Boston Scientific Corporation today announced the start of patient enrolment in the Evolve clinical trial, designed to assess the safety and performance of its fourth-generation Synergy Coronary Stent. The first patient was enrolled by Dr Ian Meredith, professor and director of MonashHeart, at Monash Medical Centre in Melbourne, Australia.
Formerly known as the Evolution Stent, it uses a bioabsorbable PLGA polymer and everolimus drug formulation to create a thin, uniform coating confined to the outer surface of the stent. Once the drug has been delivered, the bioabsorbable coating resorbs into the body, leaving behind only a bare-metal stent. This technology is designed to provide the same degree of restenosis reduction as a conventional drug-eluting stent, while offering faster and more complete vessel healing after stent implantation. The stent’s design is modelled on the Promus Element Stent to enable various benefits in operational procedure, such as thinner struts, increased flexibility and a lower profile while improving radial strength, recoil and visibility. Hank Kucheman, Executive Vice President, believes it is this combination that will help to strengthen Boston’s global leadership position in the drug-eluting stent market. He said, “the Synergy Stent is designed to combine the acute performance advantages of the platinum chromium PROMUS Element Stent with an innovative bioabsorbable polymer.”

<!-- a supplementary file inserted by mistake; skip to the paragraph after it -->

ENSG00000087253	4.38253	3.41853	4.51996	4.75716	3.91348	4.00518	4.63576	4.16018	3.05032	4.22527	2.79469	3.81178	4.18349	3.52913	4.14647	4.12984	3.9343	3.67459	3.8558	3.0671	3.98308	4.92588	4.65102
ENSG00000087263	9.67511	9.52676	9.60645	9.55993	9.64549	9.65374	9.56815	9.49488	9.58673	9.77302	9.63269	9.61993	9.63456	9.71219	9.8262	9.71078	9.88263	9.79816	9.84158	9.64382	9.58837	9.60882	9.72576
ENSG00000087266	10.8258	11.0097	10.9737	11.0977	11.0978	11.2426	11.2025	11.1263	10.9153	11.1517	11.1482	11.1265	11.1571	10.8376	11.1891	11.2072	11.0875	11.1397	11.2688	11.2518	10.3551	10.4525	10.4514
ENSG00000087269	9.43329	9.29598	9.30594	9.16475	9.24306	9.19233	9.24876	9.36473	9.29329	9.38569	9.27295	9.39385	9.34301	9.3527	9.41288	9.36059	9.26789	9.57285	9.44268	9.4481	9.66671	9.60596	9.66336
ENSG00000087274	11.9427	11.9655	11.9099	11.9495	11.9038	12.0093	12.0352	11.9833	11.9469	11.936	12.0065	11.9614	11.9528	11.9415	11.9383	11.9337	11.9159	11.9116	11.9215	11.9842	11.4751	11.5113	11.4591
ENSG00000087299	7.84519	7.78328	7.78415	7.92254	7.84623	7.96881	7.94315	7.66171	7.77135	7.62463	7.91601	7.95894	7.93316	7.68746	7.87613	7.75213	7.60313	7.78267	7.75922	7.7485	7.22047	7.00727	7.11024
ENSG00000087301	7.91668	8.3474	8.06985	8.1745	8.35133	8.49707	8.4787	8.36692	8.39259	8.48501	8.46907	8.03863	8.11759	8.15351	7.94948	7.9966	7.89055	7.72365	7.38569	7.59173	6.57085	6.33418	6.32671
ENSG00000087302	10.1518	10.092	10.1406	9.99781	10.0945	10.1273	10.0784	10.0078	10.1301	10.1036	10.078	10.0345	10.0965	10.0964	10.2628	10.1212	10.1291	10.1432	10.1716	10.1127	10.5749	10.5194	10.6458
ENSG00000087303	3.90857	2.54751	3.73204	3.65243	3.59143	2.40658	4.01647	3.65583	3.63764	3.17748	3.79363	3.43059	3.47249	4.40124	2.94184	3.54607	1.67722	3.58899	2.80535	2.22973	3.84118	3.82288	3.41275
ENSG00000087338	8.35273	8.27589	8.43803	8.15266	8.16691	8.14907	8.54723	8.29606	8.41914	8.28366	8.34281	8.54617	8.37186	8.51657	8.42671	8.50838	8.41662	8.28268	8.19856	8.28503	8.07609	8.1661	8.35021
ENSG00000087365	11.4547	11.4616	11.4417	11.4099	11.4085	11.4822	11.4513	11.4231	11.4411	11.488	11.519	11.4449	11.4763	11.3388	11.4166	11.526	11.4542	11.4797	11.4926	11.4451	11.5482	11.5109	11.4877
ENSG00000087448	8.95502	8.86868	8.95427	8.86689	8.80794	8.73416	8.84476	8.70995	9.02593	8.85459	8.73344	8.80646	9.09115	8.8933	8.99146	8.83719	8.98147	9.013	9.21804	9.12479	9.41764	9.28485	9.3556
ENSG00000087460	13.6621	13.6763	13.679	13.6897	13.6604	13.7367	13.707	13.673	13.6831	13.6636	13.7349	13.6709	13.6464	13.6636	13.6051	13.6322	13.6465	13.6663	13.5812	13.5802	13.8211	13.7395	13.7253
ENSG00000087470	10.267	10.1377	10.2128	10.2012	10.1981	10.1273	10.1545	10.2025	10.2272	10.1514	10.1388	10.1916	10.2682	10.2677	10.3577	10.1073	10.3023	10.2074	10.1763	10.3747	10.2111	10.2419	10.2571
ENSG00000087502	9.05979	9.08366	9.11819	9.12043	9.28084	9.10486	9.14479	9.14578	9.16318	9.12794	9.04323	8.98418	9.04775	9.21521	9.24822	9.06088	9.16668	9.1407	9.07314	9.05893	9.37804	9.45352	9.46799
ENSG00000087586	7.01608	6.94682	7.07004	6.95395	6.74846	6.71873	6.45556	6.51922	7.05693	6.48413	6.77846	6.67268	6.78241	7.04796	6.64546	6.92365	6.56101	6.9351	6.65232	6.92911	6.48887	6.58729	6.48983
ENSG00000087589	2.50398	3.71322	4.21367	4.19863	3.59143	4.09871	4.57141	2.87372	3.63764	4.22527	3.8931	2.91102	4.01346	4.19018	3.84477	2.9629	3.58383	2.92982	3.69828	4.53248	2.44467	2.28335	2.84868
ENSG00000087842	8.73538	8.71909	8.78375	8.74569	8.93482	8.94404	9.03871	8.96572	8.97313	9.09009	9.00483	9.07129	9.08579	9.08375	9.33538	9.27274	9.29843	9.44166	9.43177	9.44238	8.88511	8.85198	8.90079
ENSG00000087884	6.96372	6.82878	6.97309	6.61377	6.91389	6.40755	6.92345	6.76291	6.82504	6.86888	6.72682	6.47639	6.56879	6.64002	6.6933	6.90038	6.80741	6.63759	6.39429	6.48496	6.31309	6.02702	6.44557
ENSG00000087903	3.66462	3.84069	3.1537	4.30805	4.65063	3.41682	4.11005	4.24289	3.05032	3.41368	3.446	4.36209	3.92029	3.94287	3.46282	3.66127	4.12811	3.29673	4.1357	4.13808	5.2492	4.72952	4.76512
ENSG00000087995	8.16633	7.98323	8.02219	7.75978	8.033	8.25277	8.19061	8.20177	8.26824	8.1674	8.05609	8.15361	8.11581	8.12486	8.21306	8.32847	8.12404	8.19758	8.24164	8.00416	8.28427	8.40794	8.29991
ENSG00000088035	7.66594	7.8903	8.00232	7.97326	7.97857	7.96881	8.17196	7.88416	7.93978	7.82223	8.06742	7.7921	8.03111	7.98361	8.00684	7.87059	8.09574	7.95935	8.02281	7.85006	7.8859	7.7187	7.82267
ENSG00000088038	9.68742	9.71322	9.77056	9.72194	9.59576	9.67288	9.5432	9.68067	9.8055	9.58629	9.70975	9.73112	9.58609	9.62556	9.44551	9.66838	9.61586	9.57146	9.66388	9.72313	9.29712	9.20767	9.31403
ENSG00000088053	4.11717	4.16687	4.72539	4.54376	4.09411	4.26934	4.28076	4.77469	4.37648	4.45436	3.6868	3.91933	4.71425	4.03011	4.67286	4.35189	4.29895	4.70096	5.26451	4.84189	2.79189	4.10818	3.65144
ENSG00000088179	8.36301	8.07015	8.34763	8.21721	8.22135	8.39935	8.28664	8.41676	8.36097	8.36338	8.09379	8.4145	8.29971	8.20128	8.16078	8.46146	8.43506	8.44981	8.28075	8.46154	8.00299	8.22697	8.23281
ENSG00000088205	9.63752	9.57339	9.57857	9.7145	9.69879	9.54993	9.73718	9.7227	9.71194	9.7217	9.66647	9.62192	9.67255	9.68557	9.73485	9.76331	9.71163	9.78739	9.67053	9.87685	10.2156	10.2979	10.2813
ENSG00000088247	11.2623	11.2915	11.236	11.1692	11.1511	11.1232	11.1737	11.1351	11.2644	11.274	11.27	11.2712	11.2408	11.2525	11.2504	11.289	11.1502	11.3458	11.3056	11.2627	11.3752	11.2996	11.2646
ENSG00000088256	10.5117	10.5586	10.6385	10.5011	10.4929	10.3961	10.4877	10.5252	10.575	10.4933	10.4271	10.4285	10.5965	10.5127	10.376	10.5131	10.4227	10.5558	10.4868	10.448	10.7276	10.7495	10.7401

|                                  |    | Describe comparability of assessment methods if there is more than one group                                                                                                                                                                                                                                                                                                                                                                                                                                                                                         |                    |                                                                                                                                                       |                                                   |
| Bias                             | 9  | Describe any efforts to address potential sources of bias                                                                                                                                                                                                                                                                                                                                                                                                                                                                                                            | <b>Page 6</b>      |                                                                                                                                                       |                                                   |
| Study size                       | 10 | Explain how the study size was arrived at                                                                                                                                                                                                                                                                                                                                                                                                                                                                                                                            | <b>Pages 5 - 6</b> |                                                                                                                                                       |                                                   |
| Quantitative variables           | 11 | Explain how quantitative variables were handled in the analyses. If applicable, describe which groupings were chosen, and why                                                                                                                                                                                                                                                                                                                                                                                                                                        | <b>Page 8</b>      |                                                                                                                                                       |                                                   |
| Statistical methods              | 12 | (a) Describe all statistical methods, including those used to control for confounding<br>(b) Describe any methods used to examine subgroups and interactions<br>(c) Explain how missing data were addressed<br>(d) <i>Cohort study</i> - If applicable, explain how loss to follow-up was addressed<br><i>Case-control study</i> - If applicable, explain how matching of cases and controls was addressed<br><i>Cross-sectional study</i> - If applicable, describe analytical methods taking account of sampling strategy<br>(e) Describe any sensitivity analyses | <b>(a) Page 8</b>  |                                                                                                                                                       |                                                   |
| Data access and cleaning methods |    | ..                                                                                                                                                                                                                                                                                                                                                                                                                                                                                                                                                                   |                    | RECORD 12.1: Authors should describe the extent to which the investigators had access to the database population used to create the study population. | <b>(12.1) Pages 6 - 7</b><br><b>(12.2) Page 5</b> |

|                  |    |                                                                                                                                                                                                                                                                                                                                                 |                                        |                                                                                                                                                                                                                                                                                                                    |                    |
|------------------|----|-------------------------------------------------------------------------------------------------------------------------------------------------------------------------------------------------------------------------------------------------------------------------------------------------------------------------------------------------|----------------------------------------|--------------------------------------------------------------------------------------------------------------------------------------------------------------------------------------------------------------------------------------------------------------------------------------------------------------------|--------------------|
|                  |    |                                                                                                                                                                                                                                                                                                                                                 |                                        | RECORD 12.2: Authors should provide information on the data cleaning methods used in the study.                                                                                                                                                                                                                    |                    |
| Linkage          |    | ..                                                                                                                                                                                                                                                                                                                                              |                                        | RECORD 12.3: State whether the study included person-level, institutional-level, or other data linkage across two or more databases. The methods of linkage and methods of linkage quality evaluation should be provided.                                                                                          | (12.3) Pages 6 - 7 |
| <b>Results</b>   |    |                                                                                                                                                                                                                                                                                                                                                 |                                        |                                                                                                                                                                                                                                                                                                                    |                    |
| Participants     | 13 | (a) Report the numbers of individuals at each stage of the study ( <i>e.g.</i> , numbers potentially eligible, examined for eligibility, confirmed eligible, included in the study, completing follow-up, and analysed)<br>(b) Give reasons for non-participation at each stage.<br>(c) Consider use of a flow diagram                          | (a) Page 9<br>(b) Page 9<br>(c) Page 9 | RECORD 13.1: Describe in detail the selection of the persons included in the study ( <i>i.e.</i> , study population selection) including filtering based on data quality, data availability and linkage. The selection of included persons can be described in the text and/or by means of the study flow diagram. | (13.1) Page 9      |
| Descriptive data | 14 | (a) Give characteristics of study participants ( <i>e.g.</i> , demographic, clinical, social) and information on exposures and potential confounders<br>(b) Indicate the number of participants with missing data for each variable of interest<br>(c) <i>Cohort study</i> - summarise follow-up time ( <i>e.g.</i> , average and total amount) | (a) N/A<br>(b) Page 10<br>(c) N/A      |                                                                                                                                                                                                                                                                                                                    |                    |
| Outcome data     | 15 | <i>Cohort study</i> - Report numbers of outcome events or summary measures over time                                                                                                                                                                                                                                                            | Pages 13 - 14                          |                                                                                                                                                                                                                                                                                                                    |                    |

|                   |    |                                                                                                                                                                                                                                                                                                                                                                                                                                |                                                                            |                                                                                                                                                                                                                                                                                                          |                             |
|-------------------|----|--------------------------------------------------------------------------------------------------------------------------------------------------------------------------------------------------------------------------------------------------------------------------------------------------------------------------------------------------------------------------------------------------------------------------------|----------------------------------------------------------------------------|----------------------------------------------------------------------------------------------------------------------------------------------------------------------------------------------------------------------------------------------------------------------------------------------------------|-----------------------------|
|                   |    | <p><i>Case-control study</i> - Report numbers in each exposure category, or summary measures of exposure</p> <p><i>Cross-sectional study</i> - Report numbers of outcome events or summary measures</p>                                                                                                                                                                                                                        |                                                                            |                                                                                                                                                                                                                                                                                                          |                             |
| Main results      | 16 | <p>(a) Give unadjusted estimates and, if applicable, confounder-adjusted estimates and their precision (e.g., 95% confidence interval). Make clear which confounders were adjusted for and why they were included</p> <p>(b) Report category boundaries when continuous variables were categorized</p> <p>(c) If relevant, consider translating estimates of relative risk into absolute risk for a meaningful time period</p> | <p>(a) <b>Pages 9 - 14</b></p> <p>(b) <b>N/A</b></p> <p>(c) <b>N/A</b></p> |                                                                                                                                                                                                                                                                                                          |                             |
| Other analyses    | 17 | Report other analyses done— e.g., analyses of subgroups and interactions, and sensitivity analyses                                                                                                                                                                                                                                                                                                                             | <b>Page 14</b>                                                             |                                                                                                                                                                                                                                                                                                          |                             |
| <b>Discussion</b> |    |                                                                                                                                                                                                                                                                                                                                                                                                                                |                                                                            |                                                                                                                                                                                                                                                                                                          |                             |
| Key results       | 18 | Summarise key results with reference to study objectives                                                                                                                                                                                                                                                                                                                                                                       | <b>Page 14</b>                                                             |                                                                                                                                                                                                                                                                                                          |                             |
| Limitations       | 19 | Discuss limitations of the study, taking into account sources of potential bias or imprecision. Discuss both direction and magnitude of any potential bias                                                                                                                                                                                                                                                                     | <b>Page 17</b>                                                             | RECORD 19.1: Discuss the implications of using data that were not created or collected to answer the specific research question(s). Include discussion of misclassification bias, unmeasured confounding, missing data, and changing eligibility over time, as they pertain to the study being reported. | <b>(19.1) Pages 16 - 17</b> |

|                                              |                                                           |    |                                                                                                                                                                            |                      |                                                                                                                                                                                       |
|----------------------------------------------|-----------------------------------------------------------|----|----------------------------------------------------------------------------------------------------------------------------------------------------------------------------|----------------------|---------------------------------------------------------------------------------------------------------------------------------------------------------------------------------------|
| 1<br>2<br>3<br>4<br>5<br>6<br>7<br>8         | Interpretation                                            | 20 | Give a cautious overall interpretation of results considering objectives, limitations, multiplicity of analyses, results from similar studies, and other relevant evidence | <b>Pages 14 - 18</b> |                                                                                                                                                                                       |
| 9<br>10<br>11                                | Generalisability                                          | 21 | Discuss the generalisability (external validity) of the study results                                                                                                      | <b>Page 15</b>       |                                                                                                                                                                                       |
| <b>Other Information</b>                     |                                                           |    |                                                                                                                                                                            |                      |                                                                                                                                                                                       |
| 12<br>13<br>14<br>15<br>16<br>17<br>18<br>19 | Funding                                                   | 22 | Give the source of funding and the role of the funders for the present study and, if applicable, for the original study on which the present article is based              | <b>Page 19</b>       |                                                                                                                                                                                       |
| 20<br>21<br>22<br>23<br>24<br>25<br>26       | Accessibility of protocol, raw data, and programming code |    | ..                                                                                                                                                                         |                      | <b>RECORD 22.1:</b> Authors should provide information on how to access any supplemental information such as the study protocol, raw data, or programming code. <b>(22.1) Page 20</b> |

The qualities of both drug-eluting stents’ qualities will be pitted against each other during Evolve, a randomized, single-blind, non-inferiority clinical trial that will enrol 291 patients at up to 35 sites in Europe, Australia and New Zealand with a single de novo native coronary artery lesion. The primary clinical endpoint is target lesion failure at 30 days, a composite measure of cardiac death, myocardial infarction and target lesion revascularisation, supported by follow-up at six months, nine months, and every 12 months out to five years. In addition, all patients will undergo intravascular ultrasound at the time of initial procedure and at six months. Patient enrolment in the trial is scheduled to be completed by mid-2011. The trial data will be used to support CE Mark approval for the Synergy Stent.
One of the trial’s principal investigators, professor Meredith Verheye from the Department of Interventional Cardiology, Middelheim Hospital in Antwerp, Belgium, believes the outcome may have a greatly beneficial effect on drug-eluting stent technology. “This type of treatment option could play an important role in helping reduce adverse events such as late stent thrombosis,” she said.